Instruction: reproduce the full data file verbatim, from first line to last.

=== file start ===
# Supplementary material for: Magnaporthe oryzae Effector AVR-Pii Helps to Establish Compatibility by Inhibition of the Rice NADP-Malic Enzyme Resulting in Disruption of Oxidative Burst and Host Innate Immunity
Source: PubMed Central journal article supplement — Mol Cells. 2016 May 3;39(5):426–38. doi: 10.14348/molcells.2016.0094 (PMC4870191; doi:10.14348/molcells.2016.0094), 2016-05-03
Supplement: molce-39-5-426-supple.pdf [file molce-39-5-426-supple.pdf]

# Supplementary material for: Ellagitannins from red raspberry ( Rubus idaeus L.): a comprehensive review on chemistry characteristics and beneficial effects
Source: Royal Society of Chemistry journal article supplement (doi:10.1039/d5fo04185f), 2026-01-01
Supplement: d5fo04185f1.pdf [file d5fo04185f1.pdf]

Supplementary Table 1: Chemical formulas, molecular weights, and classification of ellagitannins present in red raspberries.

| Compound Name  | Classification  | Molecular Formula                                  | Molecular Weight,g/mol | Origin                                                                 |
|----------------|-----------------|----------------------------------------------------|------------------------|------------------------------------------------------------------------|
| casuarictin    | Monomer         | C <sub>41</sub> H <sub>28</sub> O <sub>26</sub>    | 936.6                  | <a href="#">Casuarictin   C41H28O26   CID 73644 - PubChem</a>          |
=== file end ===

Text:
# Supplementary material for: Magnaporthe oryzae Effector AVR-Pii Helps to Establish Compatibility by Inhibition of the Rice NADP-Malic Enzyme Resulting in Disruption of Oxidative Burst and Host Innate Immunity
Source: PubMed Central journal article supplement — Mol Cells. 2016 May 3;39(5):426–38. doi: 10.14348/molcells.2016.0094 (PMC4870191; doi:10.14348/molcells.2016.0094), 2016-05-03
Supplement: molce-39-5-426-supple.pdf [file molce-39-5-426-supple.pdf]

# Supplementary material for: Ellagitannins from red raspberry ( Rubus idaeus L.): a comprehensive review on chemistry characteristics and beneficial effects
Source: Royal Society of Chemistry journal article supplement (doi:10.1039/d5fo04185f), 2026-01-01
Supplement: d5fo04185f1.pdf [file d5fo04185f1.pdf]

Supplementary Table 1: Chemical formulas, molecular weights, and classification of ellagitannins present in red raspberries.

| Compound Name  | Classification  | Molecular Formula                                  | Molecular Weight,g/mol | Origin                                                                 |
|----------------|-----------------|----------------------------------------------------|------------------------|------------------------------------------------------------------------|
| casuarictin    | Monomer         | C <sub>41</sub> H <sub>28</sub> O <sub>26</sub>    | 936.6                  | <a href="#">Casuarictin   C41H28O26   CID 73644 - PubChem</a>          |